Facebook likes Microsoft. Chooses Bing API to power translation

The Inside Facebook blog reported last week that Facebook is testing a Translate button for comments on pages. With the introduction of this new feature, comments that are written in languages other than your account’s default language now include a Translate button next to them. When you click on the Translate button, the comment is automatically translated to your default language. The Translate button is then replaced by an Original button which untranslates the comment.

I have learned that this service will be provided through the Microsoft Translation API. Facebook will not be using a self-developed machine translation for this service. At least not at this point.

Microsoft is fast becoming the ‘go-to’ translation API player. Since Google deprecated their free API and turned it into a paid service, developers are abandoning Google and using Bing instead. Microsoft has stressed over the past few months that they will make no changes to their free translation API and have even increased user limits to make it even more attractive to developers.

Another major software company that went with the Bing Translation API is Autodesk, recently releasing TransTips for AutoCAD, Inventor, Revit, and 3ds MaxThis plugin translates the contents of tooltips in various Autodesk products automatically into one of 35+ languages via the Bing translation API.

The cooperation between Facebook and Microsoft should come as no surprise to anyone. Microsoft is a minor shareholder in Facebook, having bought 1.6% of the company shares for $240 Million back in 2007. I tried to get more information from Microsoft about this new cooperation with Facebook but could not get any information. I can assume with great certainty however, that the terms of the cooperation were discussed at a high level and that Microsoft will provide specially trained MT engines to Facebook at some point in time.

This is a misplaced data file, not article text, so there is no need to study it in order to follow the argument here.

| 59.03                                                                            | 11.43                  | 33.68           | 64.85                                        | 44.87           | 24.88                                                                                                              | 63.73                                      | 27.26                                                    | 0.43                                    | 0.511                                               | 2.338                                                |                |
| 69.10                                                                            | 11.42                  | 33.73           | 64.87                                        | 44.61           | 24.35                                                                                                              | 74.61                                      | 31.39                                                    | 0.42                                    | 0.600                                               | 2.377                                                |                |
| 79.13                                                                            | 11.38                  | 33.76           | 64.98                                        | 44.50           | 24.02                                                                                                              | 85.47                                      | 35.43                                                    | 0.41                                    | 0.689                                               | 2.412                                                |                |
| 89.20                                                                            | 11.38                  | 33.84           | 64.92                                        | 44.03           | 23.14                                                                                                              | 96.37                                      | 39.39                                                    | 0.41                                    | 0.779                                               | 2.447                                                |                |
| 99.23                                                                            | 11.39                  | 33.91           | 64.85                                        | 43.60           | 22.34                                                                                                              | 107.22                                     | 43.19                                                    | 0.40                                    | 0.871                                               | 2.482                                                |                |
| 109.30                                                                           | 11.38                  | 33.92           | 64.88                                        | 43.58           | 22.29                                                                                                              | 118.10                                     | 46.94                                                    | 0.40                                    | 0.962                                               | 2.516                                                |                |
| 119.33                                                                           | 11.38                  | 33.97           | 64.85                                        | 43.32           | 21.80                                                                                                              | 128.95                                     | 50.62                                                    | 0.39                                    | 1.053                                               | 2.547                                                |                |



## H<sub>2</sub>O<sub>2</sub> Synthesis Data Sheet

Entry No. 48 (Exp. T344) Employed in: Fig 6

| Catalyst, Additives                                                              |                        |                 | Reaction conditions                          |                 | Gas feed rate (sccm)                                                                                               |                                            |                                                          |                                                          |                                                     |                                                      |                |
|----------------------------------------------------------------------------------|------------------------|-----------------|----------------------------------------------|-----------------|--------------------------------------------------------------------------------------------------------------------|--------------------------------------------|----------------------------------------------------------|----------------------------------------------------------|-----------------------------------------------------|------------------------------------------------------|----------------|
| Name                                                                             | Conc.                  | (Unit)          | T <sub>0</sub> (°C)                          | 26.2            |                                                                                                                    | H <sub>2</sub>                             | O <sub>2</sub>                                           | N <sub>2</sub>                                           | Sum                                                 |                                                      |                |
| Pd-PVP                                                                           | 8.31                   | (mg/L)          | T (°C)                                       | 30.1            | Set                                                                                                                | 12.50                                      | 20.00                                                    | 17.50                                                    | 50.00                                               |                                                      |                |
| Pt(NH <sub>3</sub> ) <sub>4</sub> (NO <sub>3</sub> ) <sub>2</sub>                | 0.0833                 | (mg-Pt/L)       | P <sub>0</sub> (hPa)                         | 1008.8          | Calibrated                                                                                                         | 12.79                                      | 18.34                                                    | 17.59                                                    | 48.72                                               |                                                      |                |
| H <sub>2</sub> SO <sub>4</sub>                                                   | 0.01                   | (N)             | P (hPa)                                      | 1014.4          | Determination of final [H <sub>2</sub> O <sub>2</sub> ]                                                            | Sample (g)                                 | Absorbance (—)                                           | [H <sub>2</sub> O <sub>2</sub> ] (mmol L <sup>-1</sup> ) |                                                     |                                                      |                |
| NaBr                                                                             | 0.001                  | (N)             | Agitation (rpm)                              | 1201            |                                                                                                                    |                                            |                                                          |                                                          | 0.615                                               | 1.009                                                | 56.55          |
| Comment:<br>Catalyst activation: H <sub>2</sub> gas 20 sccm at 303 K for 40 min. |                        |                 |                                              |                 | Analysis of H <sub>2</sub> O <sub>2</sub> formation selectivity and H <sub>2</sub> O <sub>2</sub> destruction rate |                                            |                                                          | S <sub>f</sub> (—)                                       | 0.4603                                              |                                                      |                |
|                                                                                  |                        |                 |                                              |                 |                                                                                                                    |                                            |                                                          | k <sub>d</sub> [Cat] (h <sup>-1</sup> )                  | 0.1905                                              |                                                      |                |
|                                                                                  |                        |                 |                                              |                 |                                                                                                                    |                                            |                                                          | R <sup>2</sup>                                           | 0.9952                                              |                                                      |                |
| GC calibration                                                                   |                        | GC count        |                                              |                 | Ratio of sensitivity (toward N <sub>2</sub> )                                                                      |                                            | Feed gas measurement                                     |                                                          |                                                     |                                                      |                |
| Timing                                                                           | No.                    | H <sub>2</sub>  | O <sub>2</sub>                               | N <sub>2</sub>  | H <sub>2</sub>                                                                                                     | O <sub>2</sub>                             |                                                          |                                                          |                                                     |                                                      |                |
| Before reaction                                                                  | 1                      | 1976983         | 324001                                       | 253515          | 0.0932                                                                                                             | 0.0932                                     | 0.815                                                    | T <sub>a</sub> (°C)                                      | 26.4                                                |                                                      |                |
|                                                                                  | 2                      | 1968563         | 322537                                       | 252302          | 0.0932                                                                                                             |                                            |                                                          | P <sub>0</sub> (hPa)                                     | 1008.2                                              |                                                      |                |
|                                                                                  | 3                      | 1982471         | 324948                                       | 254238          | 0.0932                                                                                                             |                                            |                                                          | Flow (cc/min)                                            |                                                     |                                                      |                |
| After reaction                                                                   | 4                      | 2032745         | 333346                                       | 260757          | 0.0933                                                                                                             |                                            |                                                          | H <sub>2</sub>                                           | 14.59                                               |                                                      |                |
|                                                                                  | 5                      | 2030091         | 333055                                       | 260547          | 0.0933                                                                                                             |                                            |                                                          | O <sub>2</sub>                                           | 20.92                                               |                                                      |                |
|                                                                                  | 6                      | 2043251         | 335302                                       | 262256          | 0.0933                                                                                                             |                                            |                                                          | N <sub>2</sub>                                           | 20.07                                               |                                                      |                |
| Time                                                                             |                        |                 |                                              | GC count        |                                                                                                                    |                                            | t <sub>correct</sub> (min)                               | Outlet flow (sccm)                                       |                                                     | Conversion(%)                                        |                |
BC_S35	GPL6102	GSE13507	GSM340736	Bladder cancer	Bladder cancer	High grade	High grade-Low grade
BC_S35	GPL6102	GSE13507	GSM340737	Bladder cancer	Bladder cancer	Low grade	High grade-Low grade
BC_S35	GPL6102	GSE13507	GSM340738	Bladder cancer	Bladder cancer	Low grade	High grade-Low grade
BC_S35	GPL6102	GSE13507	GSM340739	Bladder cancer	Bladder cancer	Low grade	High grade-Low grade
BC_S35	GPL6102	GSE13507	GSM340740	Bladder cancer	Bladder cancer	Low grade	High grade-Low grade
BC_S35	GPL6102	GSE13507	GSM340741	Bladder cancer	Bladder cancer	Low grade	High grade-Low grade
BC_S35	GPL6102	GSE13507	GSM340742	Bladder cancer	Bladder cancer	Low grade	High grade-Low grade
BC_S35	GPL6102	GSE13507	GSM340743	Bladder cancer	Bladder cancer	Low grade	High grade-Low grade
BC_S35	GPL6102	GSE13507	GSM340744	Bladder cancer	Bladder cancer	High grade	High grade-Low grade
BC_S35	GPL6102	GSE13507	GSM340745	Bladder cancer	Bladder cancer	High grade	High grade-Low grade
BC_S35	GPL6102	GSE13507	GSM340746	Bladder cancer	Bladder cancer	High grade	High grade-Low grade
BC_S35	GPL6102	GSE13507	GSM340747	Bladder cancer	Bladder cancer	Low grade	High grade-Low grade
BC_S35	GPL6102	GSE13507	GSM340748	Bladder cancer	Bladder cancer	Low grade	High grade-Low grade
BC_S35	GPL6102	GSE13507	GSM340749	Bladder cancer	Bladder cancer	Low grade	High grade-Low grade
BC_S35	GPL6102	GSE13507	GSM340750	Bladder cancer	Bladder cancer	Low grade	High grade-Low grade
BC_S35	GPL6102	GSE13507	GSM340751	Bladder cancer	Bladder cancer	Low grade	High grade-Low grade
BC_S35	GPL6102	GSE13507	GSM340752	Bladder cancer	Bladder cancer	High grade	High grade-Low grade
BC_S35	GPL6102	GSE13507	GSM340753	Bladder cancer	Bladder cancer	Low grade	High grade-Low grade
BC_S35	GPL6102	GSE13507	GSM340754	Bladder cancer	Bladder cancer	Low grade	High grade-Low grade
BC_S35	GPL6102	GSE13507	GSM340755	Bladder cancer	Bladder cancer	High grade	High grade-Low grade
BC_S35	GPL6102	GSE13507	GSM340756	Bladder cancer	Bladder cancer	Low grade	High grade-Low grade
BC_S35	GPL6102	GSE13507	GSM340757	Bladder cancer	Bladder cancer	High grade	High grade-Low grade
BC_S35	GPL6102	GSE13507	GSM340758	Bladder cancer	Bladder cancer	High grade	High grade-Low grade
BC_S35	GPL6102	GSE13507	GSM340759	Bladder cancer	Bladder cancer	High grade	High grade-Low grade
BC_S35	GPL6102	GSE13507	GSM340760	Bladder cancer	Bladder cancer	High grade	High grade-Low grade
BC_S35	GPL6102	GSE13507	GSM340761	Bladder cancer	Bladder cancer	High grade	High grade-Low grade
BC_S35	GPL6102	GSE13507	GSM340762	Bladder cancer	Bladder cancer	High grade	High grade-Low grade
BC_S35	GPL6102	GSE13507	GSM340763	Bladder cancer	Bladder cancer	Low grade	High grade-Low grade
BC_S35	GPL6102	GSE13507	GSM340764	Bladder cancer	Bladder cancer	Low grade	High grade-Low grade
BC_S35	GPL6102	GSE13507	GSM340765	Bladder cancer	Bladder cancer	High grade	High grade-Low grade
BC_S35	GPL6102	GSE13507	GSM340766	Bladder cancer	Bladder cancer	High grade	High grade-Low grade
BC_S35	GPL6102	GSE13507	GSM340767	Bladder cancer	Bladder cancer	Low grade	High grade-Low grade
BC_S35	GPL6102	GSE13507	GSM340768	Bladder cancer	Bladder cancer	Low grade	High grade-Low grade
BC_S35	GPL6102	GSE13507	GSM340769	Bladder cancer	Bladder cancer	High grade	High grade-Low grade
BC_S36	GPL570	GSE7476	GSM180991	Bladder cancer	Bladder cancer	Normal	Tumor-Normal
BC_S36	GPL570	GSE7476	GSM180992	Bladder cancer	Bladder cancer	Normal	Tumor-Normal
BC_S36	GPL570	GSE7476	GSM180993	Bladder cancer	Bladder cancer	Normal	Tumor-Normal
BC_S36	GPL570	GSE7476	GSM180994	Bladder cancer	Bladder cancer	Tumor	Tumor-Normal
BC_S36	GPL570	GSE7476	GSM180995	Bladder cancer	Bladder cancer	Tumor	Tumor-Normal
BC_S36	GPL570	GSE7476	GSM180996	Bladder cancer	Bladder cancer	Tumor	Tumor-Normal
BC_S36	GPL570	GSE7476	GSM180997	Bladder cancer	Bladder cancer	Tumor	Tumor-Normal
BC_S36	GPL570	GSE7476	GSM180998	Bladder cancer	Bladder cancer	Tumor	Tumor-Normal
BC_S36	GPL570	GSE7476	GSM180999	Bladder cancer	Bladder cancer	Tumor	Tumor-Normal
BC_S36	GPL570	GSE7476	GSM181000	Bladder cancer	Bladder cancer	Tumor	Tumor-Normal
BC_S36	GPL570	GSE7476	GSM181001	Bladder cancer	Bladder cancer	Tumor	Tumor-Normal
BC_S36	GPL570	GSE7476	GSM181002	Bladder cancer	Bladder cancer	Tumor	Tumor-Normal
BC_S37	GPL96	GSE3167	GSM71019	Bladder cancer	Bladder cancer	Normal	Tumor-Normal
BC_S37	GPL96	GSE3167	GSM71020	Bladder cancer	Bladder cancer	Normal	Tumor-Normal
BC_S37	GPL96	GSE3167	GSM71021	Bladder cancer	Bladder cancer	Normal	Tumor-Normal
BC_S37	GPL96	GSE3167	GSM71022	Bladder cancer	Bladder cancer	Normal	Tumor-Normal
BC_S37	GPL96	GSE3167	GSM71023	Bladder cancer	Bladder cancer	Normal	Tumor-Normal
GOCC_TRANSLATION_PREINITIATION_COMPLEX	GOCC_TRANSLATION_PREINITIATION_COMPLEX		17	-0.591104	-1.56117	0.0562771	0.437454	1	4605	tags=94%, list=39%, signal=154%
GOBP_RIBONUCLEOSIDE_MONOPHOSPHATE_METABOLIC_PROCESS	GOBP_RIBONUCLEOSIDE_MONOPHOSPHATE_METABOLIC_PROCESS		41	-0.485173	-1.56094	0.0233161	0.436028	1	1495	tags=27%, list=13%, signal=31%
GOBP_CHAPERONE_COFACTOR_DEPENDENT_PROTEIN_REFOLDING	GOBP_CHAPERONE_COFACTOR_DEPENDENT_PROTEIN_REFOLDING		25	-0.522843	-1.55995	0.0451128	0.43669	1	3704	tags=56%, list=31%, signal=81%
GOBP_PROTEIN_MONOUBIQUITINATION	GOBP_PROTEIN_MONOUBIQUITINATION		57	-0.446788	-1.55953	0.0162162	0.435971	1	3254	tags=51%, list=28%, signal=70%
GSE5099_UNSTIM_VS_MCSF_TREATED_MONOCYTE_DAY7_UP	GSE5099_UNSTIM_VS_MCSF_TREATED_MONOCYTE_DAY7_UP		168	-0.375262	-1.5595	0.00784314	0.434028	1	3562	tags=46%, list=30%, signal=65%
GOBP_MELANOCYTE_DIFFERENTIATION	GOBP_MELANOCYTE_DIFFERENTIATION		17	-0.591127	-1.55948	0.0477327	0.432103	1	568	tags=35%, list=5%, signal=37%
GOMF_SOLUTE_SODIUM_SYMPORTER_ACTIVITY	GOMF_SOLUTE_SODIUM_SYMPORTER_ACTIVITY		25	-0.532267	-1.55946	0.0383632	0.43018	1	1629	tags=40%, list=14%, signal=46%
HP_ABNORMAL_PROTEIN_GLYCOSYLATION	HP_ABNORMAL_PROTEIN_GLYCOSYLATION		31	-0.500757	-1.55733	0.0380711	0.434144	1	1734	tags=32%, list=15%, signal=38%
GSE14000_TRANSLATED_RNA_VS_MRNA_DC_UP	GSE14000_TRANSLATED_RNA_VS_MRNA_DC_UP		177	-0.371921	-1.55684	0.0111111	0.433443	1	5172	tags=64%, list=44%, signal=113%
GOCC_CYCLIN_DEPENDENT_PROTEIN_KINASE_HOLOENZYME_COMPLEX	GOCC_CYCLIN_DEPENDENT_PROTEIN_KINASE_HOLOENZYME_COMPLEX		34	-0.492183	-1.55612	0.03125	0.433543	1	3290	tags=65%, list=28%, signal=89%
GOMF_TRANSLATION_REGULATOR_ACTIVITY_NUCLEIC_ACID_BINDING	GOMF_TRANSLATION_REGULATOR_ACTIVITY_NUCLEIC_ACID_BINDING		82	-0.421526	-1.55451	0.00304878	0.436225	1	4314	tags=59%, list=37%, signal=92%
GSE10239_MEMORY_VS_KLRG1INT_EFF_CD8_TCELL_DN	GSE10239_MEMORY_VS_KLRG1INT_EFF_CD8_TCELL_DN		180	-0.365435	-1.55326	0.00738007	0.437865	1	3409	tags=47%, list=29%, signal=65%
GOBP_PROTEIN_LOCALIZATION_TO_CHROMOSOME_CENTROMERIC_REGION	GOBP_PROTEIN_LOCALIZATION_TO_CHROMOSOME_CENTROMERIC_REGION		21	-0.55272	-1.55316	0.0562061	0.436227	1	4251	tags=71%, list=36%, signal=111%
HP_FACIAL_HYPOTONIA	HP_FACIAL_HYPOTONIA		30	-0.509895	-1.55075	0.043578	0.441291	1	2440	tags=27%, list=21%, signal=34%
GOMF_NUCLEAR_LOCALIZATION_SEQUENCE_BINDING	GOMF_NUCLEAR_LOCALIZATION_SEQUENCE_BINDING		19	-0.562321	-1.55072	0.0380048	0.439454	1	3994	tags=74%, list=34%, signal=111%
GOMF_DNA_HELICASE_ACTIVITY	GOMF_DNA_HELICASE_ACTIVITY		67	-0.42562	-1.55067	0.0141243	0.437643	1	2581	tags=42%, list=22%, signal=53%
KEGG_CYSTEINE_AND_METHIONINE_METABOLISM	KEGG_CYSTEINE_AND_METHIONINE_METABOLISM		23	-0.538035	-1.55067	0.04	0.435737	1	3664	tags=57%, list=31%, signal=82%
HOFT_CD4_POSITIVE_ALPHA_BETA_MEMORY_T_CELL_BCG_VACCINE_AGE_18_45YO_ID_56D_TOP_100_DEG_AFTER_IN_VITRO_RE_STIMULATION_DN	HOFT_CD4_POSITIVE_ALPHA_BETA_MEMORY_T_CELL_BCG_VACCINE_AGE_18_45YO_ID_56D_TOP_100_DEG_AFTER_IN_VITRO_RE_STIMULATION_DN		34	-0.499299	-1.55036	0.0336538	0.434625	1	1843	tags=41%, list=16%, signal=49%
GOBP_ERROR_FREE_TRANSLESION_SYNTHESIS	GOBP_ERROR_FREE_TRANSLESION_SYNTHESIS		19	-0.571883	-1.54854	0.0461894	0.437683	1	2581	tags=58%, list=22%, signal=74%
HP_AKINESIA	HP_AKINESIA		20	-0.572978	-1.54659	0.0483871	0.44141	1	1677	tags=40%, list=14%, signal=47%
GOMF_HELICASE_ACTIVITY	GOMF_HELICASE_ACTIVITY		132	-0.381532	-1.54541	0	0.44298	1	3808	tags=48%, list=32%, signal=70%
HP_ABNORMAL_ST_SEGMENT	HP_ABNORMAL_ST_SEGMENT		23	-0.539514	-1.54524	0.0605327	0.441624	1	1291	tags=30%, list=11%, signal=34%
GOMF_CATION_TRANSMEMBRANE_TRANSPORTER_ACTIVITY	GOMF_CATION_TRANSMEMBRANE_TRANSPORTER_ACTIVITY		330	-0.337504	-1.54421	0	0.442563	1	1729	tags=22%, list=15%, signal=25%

I also tried to obtain more information from Ghassan Haddad, Director of Internationalization at Facebook. I’ll report back with any new information I can obtain.

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Social media localization? It’s all about listening. Day 2 of #mlwpisa

The Multilingualweb Pisa workshop came to a close today. It was a good event with lots of information. In participation were people from the European Union, from industry and from academia. Many of the big names were there including Google, Facebook, Microsoft, SDL and Lionbridge.

As I said in my blog post yesterday, I won’t discuss every speaker from Day 2 even though they were all excellent. The conference was widely covered; there was a live video stream and all of the presentations can be found of the web. I will just focus on a few items that I found of interest.
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The wisdom of the crowd. Does it work in translation?

Crowdsourcing and translation. Translation and crowdsourcing. It has become the holy grail of the industry, a potential cash cow that is enticing to many companies. But how smart is the crowd? And can it be relied upon? My quick answer is that in the field of translation, the crowd is unreliable and can not be trusted. Facebook learned this the hard way last year when some of their websites spewed out profanity in various languages (read more here).

Another case in point. I just came across a new website called Ackuna. There is absolutely nothing creative or innovative about this website, which is merely an exploitation of Google’s free translation system. It combines Google Translate and the wisdom of the crowd by allowing people to vote on a translation and enter their own suggestions. The company bills this site as ‘a more accurate free translator.’ But the crowd can be stupid sometimes and if a few people voted up a translation, it will be passed off as the correct translation. This can lead to highly inaccurate translations or even worse.

In my own opinion, translation crowdsourcing will only prove effective when stringent crowd control is used. This can be done by having language experts or moderators at the end of the line who decide which translation is more accurate; it can also be done by limiting the crowd to people who can be trusted. These methods will slow things down. But without crowd control, things may get out of hand.